Then sure enough, about 15 minutes later, I was getting a little bit disengaged from the current discussion and found myself reaching for my laptop again. I wasn’t going to return any emails or do any business, yet there it was–beckoning to me, pulling me in, tempting me to check my messages. Seriously: I can’t explain why, but I felt a need to check my laptop. I’d been fine for most of the morning, but once I’d had that initial contact, I had to have more.

Last week, we discovered that emerging research is beginning to confirm and verify that my “addiction” is real. Moreover, my addiction can lead to all sorts of other issues if I’m not careful (Arslan, 2016; Brown, 2016; Brown & Bobkoswski, 2011; Isiklar, 2014; Jensen, 2015; Manzo, 2009).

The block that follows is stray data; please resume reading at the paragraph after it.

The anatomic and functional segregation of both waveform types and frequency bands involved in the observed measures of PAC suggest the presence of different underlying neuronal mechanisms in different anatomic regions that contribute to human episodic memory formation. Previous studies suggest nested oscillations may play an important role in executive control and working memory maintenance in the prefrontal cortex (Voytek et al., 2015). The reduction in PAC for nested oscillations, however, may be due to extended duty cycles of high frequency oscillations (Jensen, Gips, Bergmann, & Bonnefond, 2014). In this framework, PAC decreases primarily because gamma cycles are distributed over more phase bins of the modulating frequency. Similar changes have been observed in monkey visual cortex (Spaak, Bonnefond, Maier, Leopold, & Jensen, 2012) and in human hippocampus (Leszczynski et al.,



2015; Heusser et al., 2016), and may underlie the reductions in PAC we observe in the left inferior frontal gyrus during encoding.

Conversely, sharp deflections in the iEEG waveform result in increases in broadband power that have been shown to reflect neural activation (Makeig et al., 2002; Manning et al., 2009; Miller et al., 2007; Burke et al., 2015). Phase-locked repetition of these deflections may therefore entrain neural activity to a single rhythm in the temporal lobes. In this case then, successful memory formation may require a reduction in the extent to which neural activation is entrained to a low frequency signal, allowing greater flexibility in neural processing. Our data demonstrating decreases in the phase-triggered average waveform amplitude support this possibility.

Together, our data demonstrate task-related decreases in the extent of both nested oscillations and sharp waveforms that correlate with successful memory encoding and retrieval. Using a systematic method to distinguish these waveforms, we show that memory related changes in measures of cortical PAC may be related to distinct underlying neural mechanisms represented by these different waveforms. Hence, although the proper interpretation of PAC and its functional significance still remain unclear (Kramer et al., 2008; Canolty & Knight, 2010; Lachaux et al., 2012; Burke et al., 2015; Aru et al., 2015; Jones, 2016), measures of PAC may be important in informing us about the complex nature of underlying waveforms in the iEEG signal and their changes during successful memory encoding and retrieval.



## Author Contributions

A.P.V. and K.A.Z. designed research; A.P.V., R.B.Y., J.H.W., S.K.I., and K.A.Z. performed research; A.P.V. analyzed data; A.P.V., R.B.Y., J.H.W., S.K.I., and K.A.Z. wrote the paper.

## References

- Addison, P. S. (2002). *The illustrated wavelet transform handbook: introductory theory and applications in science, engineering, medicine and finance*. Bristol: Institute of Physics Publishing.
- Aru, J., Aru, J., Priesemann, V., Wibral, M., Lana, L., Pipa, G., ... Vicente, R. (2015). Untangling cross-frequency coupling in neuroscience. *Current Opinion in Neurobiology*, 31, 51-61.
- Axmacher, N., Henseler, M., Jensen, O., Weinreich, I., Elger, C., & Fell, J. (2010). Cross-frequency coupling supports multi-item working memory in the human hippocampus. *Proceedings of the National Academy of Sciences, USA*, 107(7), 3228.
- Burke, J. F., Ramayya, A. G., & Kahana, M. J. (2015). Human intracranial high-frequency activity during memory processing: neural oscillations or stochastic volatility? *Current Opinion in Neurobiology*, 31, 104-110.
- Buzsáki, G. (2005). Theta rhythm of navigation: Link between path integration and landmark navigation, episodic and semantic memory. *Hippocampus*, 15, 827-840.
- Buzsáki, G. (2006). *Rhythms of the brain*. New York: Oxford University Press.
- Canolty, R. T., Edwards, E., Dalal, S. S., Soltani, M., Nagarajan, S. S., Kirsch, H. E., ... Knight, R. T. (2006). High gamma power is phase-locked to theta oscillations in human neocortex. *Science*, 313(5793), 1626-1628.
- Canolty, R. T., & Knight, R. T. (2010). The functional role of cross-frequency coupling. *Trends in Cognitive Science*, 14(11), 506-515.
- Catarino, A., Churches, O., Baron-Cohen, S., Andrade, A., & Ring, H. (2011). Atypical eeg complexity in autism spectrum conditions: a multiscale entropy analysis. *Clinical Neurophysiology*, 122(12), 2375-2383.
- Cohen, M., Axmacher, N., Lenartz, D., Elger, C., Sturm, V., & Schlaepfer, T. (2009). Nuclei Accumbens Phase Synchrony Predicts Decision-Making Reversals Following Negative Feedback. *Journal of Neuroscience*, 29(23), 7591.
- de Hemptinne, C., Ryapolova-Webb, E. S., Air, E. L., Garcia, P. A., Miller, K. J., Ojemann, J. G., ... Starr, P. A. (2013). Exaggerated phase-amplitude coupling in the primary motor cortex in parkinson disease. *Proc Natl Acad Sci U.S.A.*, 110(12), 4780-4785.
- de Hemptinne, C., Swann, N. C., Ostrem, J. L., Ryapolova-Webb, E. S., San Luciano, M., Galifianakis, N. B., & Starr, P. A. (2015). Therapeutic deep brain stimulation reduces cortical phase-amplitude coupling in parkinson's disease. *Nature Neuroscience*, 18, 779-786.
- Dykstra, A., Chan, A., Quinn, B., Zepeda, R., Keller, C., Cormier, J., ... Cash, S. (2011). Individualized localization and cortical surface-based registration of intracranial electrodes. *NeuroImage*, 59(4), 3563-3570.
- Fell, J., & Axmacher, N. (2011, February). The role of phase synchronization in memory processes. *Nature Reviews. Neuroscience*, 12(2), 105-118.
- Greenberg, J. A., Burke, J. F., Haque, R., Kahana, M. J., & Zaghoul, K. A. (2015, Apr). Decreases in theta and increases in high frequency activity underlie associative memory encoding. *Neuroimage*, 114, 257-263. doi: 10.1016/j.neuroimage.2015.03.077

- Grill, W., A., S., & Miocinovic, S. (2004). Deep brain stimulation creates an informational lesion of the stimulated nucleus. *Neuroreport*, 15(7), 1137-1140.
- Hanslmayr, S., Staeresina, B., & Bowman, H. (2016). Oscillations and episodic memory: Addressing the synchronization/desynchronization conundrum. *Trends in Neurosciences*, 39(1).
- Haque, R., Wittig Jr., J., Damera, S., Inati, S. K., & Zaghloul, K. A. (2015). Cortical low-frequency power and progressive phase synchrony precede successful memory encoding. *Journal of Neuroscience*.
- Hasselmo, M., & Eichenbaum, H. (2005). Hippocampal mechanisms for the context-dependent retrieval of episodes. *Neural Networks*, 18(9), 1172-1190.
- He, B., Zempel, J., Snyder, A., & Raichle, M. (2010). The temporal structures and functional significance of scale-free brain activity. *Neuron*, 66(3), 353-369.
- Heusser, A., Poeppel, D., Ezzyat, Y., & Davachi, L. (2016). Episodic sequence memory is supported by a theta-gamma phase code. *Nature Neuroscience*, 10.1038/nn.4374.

So I guess that means I need to get rid of my cell phone and laptop, right? The time has come to return to the days of Morse Code, carrier pigeons, and classroom slates.

Wait a minute…let’s think about this for a moment. Perhaps I am being a bit hasty.

We know that technology can be a powerful tool and has some definite advantages–even in the classroom (Gabriel et al., 2012). Some of the documented educational advantages are inexpensive learning opportunities, more varied options for content delivery, and continuous/situated learning support (Elias, 2011). While educators and scientists admit that there is a need for continued research and that there is much to be done in determining the value of some technology, some emerging research suggests that “a significant change in pedagogy as well as improvement in student learning can take place” (Smyth, 2011).